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The Four Belt Era: Tim Tszyu did 2023 the right way

Tim Tszyu had a great year. He fought three times in his native country Australia and won all three, including a first-round knockout of Carlos Ocampo in June.

Haley Alvarez-Lauto | Graphic Artist

He was successful, yes, but 2023 hasn’t gone as he planned. Tszyu was supposed to challenge Jermell Charlo — the undisputed super welterweight champion at the time — for his four titles on Jan. 28, but Charlo fractured his left hand while training and the fight was postponed.

Tszyu was the mandatory challenger for Charlo’s World Boxing Organization title, so he easily could have waited, twiddling his thumbs, for Charlo’s hand to heal. Waiting around for the perfect opportunity has become increasingly popular in the boxing world of late, but Tszyu opted to take a chance.

In January, he agreed to fight Tony Harrison on March 12. That clash saw Tszyu stop Harrison in the ninth round to pick up the WBO interim title. He took a chance, and it paid off, especially with a Charlo fight still on the horizon.

Unfortunately for ​​Tszyu, Charlo faced a longer-than-expected recovery, further delaying their matchup. Once again, Tszyu opted to stay busy. As mentioned before, Tszyu ran through Ocampo before the first round was over on June 18.

With the Charlo fight long overdue at this point, ​​Tszyu had fought twice in fewer than 100 days. Despite the risk, they only served to further prepare him for what would be his biggest opportunity.

But wait — Charlo agreed to fight Saul “Canelo” Álvarez on Sept. 30. Rightfully so, ​​Tszyu wasn’t pleased. He claimed that Charlo was ducking him. While it is true that ​​Tszyu received the short end of the stick, you can’t blame Charlo for wanting to fight boxing’s biggest star, though Charlo’s performance against Álvarez made that decision look much worse in hindsight.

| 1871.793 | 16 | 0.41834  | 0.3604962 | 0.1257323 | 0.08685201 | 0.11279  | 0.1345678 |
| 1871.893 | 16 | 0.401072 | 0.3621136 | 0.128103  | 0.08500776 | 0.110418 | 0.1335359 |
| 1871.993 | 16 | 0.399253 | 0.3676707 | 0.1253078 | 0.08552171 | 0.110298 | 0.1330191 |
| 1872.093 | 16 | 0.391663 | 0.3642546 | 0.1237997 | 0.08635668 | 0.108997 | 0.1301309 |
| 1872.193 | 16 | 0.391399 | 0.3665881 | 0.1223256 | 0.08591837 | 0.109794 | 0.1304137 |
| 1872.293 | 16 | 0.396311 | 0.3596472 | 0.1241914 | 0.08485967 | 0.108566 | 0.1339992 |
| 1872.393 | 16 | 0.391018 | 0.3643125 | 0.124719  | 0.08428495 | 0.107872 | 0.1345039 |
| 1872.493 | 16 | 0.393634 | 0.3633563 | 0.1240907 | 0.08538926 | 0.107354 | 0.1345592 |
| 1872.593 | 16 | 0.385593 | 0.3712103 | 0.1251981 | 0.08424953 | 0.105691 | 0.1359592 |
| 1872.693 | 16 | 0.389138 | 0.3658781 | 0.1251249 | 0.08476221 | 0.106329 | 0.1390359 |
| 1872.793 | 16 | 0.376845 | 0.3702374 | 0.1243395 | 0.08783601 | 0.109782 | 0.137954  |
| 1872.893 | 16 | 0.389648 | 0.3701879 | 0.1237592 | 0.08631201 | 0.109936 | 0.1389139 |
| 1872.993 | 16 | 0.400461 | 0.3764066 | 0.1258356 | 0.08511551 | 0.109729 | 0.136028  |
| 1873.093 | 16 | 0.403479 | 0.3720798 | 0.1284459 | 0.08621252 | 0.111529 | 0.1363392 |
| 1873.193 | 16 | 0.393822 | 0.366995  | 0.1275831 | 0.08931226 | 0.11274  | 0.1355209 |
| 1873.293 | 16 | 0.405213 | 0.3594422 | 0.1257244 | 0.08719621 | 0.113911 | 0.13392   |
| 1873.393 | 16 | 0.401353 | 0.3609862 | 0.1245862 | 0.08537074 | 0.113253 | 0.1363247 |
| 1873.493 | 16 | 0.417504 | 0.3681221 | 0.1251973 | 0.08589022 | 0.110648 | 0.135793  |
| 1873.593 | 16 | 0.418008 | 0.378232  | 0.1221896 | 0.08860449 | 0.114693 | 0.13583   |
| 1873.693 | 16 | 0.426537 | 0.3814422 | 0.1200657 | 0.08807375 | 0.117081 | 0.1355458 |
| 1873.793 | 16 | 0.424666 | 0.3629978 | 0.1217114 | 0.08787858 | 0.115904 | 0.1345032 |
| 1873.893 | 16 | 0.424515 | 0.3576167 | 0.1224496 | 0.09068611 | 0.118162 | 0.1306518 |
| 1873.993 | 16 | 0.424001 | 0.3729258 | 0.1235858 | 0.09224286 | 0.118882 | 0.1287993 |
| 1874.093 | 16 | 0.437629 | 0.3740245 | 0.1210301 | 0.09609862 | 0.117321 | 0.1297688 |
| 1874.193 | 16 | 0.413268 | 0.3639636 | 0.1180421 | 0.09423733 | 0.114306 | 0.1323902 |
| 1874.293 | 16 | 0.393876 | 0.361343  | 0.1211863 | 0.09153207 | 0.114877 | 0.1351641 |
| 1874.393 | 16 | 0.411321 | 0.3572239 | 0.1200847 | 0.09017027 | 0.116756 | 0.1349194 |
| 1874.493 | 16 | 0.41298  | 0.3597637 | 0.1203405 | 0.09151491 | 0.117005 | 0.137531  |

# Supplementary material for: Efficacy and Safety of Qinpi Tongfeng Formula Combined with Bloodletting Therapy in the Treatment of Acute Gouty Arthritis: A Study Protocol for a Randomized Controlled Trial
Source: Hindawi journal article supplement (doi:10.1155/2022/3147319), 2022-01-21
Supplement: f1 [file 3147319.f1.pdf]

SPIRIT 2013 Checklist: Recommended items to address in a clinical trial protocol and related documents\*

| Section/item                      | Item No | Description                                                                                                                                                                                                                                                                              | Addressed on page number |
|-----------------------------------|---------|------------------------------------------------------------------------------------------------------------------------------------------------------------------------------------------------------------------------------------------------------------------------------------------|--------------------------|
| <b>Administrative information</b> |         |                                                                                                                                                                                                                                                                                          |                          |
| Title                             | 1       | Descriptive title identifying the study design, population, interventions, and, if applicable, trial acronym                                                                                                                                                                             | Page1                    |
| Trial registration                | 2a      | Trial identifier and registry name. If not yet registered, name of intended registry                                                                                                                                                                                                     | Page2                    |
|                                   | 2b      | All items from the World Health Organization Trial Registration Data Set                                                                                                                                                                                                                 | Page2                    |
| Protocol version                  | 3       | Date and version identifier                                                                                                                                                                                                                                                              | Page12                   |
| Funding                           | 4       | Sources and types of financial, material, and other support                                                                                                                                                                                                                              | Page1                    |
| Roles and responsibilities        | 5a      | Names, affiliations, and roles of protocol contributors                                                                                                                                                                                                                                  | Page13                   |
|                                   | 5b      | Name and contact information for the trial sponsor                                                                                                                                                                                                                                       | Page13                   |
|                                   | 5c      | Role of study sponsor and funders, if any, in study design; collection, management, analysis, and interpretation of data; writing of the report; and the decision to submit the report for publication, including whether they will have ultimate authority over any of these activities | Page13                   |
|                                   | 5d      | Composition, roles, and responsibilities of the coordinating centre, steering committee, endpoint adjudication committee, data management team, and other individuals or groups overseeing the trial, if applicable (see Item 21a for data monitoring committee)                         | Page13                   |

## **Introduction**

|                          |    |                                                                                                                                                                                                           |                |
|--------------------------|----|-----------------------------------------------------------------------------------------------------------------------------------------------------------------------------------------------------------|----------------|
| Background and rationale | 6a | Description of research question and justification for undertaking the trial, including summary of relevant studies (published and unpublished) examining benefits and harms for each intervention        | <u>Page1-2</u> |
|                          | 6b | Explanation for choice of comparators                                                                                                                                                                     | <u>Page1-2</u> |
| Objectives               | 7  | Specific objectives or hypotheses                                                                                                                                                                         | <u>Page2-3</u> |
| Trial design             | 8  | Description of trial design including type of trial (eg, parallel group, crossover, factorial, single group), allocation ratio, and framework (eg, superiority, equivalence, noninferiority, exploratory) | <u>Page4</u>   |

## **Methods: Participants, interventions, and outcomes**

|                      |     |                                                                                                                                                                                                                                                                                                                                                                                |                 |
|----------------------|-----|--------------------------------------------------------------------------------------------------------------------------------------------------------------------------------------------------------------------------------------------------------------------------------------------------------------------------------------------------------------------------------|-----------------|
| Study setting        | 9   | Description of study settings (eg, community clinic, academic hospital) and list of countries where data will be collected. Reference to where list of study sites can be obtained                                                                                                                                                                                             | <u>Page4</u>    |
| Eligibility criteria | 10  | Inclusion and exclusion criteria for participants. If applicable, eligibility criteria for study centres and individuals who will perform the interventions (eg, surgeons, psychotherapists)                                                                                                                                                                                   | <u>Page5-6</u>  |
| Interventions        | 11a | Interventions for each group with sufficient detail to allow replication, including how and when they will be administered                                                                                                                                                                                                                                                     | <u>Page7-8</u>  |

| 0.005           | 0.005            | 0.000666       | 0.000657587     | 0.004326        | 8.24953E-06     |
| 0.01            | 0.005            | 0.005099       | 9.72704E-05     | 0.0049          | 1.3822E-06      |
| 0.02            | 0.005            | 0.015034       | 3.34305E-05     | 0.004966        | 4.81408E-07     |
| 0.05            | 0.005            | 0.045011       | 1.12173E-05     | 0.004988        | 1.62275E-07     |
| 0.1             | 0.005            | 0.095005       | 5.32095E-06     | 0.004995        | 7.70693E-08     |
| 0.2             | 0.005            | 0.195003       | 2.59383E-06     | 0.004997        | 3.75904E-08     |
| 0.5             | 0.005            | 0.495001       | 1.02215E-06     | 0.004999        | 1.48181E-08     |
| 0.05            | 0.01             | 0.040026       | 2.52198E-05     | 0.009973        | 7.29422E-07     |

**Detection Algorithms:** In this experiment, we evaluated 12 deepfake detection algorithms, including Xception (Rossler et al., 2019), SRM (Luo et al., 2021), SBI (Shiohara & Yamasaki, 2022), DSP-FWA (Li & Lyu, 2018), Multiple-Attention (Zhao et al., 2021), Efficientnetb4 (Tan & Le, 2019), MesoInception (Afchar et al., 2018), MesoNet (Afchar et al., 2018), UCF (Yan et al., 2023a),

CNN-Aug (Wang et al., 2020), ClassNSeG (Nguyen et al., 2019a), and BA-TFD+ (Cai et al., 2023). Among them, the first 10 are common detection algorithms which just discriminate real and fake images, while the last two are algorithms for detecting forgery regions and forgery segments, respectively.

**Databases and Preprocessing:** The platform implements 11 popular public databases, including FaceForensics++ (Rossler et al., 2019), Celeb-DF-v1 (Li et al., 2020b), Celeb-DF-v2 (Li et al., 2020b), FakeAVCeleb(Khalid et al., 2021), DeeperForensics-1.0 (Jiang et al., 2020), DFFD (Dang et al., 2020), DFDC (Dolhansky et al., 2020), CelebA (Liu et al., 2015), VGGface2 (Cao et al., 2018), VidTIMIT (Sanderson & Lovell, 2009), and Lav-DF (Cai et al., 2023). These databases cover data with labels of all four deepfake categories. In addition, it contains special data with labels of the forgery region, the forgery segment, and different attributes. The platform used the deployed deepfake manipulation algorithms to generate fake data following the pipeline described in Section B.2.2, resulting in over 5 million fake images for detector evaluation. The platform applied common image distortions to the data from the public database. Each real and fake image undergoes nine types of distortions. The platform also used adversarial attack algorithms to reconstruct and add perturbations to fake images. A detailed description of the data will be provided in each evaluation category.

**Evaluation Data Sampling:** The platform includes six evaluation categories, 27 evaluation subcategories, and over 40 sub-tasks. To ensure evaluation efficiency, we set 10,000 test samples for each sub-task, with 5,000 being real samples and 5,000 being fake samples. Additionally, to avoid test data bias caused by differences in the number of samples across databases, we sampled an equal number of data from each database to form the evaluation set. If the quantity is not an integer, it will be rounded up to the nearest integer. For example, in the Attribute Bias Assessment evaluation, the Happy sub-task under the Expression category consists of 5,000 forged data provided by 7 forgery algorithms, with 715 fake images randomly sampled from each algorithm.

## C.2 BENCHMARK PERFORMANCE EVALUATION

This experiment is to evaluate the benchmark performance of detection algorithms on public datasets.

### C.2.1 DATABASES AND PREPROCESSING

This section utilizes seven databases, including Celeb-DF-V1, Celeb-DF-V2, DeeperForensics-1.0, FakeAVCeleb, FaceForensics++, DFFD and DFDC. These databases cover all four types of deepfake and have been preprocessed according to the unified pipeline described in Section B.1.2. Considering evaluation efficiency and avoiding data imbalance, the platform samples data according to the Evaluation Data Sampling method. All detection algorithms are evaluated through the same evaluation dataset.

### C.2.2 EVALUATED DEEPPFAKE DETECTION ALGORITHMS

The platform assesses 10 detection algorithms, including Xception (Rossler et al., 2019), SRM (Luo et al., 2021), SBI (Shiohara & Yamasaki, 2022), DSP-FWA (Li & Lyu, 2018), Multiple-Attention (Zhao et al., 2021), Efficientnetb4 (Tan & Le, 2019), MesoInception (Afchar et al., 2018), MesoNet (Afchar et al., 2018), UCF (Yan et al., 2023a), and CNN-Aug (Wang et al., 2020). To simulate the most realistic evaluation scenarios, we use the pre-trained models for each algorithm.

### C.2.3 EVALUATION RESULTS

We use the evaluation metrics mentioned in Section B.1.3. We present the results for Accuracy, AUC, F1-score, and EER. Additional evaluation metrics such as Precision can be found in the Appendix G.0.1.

As a result, ​​Tszyu agreed to a fight against Brian Mendoza for Oct. 15, which he won via a comfortable unanimous decision. Three fights in seven months. That’s uncharted territory in boxing today.

When he was originally scheduled to fight Charlo in January, ​​Tszyu was merely a mandatory challenger. Though he was considered dangerous at the time, ​​Tszyu would have been a sizable underdog. Now, ​​Tszyu is the full WBO champion — Charlo was stripped of that belt for not fulfilling his mandatory defense — and he’s considered a serious threat to claim Charlo’s remaining titles.  

​​Tszyu has certainly been dealt bad hands, but what he’s doing with them is admirable. Fellow boxers should look at his 2023 campaign and how he dealt with adversity out of the ring. Boxing never unfolds how it’s supposed to. That’s just how it is.

Inactivity looms large in the boxing world. It’s the most common excuse in the aftermath of a fight. The last thing I want to do is blame the fighters, but they are ultimately in control. Tszyu isn’t the first example of a fighter having to wait for their golden opportunity, and the way he’s responding is uncommon.

He sharpened his tools and gained additional experience in the ring, going a hard 12 rounds with Mendoza in October. It’s important to mention that fighters have generally been successful in waiting for opportunities, but Tszyu deserves his flowers for the risks he took.

He made himself unavoidable. The Charlo fight is bigger now than it was at the beginning of the year because of the moves Tszyu made. He’s built himself up to a point where people really want to see that fight.

Tszyu had a perfect year, and he has the ideal mindset. The blueprint he laid out should be followed. As he said to ESPN, “I don’t need to fight, I want to. I fear no one and will fight anyone.”

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